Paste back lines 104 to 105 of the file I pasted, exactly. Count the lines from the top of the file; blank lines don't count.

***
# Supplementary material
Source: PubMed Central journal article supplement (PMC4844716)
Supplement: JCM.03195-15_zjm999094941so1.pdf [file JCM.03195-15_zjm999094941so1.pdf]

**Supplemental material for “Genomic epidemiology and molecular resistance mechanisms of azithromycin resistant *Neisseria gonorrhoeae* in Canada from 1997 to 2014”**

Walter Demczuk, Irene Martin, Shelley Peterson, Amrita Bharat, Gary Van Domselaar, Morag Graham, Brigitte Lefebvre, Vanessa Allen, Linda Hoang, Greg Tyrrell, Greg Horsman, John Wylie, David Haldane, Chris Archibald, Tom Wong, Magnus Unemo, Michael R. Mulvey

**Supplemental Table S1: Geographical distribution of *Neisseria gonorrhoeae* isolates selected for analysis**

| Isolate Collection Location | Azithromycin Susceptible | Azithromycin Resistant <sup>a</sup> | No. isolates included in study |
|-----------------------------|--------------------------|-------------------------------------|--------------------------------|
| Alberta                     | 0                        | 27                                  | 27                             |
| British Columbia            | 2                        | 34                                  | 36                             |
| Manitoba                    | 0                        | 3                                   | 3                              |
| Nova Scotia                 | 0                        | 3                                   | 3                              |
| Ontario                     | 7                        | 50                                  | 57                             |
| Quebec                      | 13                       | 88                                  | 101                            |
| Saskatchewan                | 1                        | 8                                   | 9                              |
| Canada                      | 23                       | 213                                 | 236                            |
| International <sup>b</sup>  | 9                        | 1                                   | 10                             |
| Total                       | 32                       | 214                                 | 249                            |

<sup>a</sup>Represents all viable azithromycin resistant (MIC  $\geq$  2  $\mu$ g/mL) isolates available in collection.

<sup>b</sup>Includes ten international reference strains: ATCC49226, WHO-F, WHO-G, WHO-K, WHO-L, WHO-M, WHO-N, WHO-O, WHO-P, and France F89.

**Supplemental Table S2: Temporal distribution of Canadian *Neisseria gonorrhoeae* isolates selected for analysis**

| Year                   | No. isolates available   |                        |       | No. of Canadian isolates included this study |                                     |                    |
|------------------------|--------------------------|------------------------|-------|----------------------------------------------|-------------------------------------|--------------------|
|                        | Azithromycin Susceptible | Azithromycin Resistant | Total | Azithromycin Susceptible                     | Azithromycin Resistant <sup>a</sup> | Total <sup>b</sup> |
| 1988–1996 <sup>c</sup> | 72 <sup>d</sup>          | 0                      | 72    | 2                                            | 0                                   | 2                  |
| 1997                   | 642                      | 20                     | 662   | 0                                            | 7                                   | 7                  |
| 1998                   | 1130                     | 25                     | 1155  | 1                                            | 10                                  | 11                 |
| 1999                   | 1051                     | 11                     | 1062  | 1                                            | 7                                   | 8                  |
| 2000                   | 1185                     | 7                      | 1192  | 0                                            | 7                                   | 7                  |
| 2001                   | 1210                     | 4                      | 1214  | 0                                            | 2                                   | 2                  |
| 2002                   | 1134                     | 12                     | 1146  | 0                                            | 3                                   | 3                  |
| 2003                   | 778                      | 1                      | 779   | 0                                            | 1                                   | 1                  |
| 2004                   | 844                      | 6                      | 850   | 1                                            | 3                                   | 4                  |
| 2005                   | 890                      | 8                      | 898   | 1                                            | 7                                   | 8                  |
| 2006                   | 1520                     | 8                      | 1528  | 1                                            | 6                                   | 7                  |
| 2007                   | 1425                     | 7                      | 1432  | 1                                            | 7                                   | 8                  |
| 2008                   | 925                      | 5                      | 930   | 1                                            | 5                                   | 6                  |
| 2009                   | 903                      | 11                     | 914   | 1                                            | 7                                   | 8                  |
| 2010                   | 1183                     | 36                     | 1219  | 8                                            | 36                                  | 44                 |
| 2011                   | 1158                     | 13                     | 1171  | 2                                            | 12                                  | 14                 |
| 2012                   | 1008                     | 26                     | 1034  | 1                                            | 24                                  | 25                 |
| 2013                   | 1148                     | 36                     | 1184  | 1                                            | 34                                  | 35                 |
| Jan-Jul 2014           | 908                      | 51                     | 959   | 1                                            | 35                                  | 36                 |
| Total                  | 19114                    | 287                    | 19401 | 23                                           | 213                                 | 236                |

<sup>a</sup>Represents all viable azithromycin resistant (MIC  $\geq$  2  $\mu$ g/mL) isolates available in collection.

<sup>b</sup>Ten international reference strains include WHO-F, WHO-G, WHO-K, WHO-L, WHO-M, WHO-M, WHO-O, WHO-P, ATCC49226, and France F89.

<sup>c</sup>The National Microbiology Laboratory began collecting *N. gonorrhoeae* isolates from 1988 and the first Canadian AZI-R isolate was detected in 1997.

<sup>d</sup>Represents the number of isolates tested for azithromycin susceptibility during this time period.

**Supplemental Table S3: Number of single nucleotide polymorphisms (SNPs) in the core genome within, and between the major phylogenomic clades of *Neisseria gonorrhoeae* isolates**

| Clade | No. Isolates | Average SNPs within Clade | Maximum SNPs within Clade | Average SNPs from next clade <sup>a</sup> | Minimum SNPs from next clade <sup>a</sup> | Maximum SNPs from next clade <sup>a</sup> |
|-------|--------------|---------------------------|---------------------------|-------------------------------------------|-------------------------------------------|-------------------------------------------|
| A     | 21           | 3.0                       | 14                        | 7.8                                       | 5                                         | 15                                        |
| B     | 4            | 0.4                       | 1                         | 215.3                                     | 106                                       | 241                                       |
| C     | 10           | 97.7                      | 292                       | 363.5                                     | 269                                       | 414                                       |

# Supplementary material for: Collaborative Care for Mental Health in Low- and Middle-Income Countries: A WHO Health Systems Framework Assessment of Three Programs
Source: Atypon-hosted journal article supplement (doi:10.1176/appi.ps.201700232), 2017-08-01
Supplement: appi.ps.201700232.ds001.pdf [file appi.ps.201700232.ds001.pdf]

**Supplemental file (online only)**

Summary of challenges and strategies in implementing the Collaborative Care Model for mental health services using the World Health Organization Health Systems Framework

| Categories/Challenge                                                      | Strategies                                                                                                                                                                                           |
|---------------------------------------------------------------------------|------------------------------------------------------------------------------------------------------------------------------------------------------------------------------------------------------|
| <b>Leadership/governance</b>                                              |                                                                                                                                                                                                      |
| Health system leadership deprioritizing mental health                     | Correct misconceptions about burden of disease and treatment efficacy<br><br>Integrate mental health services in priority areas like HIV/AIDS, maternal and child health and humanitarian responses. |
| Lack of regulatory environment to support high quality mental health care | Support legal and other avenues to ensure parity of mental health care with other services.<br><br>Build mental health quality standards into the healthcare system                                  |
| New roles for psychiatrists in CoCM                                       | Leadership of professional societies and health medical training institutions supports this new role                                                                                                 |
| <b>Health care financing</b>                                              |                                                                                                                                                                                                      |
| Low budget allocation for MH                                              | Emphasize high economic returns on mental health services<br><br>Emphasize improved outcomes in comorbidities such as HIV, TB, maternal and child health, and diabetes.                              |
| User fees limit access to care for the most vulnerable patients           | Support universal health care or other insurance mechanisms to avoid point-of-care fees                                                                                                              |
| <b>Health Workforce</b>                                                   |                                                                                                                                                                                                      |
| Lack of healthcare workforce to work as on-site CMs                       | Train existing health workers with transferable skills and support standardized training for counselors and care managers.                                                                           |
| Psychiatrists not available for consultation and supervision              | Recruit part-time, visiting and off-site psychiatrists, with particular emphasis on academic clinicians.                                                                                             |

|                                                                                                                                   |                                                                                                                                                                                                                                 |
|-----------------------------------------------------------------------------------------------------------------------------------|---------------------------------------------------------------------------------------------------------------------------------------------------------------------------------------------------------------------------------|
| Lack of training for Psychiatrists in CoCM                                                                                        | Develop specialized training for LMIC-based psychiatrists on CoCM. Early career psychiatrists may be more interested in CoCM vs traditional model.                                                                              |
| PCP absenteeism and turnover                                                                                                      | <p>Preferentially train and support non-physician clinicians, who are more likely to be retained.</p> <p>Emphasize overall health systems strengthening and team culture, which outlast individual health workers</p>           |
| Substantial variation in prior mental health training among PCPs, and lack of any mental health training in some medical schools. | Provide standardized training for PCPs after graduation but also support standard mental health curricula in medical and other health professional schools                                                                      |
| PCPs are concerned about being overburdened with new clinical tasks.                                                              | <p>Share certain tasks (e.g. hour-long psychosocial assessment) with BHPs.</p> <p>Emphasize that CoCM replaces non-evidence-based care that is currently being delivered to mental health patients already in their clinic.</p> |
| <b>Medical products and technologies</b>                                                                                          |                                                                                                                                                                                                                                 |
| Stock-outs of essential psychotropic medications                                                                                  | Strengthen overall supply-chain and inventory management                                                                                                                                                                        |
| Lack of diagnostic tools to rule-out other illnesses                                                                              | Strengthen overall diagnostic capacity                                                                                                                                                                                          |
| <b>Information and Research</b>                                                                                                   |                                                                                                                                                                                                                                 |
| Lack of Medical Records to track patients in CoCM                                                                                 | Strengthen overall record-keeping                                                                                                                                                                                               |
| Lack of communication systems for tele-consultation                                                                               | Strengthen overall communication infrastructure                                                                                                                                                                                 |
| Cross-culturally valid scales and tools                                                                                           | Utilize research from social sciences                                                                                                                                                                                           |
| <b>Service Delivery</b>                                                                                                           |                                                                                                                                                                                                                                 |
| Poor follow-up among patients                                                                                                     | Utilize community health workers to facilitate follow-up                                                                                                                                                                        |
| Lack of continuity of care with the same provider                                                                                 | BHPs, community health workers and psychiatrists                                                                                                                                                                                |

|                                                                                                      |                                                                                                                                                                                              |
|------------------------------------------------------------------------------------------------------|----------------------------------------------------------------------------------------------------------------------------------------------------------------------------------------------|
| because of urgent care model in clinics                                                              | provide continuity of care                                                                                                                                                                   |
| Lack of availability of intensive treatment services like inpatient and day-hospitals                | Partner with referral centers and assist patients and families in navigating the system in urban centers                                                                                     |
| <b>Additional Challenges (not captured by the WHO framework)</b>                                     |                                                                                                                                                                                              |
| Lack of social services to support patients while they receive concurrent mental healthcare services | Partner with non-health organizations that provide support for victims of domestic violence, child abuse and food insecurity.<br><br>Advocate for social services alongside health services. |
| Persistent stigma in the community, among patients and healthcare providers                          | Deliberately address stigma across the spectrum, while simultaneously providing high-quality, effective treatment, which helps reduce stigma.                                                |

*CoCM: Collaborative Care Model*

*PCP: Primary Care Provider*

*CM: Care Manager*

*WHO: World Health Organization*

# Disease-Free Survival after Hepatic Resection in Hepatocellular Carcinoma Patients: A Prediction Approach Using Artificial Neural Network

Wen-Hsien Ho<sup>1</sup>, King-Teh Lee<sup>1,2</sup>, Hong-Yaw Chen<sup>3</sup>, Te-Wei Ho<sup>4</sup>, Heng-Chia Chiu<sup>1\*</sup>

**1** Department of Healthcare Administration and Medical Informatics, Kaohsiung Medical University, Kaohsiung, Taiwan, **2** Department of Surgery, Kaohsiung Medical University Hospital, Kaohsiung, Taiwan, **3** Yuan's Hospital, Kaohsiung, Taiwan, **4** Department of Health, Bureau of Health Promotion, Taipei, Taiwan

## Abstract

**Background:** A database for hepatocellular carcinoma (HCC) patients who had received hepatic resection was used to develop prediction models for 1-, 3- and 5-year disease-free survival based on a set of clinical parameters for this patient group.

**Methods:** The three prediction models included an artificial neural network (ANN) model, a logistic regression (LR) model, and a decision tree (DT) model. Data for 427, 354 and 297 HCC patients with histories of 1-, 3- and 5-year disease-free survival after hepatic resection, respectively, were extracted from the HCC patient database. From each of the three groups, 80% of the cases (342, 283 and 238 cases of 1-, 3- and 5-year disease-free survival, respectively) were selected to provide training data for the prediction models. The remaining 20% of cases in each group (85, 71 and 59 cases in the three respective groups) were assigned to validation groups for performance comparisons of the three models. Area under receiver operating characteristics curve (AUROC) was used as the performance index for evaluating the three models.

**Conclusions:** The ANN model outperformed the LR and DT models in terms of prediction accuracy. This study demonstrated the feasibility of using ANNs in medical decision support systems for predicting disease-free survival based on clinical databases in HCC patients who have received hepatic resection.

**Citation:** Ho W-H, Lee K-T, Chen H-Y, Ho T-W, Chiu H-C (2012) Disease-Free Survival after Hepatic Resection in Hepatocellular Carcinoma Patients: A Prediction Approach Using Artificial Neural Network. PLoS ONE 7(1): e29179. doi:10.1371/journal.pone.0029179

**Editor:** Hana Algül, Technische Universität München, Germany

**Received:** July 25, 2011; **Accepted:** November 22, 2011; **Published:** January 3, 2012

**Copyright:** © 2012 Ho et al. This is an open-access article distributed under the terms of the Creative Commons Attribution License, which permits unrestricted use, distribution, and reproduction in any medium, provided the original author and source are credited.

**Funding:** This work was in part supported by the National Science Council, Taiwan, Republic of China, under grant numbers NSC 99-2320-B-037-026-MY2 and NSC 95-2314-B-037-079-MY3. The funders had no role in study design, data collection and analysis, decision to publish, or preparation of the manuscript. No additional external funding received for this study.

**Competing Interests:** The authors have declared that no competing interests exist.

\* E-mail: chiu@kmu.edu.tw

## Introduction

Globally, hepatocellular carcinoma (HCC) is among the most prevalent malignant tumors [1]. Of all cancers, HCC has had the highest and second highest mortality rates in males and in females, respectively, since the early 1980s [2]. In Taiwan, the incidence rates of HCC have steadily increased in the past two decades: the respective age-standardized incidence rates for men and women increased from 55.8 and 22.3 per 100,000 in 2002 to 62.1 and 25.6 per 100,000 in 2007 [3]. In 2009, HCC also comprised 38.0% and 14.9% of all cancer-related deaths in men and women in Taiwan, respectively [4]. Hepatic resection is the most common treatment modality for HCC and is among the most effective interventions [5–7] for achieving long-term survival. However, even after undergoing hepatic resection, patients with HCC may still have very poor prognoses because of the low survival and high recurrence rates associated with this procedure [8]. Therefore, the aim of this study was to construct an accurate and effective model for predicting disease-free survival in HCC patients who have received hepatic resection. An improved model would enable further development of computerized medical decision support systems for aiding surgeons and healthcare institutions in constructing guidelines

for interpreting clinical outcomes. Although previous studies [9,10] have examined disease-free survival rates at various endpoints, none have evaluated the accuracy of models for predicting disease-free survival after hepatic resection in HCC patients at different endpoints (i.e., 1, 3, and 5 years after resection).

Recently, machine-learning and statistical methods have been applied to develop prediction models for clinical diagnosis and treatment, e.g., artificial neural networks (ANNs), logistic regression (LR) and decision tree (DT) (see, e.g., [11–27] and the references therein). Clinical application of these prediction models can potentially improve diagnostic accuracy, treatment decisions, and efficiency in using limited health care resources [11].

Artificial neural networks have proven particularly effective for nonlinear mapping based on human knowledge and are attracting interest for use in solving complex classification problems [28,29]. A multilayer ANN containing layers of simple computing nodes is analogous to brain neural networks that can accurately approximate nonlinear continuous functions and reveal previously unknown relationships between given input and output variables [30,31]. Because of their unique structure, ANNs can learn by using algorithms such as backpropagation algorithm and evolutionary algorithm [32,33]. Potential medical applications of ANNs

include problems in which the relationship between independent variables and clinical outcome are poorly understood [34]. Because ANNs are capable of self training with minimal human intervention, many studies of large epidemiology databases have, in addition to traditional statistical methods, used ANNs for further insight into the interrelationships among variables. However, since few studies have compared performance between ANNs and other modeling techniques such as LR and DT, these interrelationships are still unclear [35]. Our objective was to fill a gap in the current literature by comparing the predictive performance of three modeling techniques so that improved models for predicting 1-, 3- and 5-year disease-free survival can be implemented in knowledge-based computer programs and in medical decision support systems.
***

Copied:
**Methods:** The three prediction models included an artificial neural network (ANN) model, a logistic regression (LR) model, and a decision tree (DT) model. Data for 427, 354 and 297 HCC patients with histories of 1-, 3- and 5-year disease-free survival after hepatic resection, respectively, were extracted from the HCC patient database. From each of the three groups, 80% of the cases (342, 283 and 238 cases of 1-, 3- and 5-year disease-free survival, respectively) were selected to provide training data for the prediction models. The remaining 20% of cases in each group (85, 71 and 59 cases in the three respective groups) were assigned to validation groups for performance comparisons of the three models. Area under receiver operating characteristics curve (AUROC) was used as the performance index for evaluating the three models.

**Conclusions:** The ANN model outperformed the LR and DT models in terms of prediction accuracy. This study demonstrated the feasibility of using ANNs in medical decision support systems for predicting disease-free survival based on clinical databases in HCC patients who have received hepatic resection.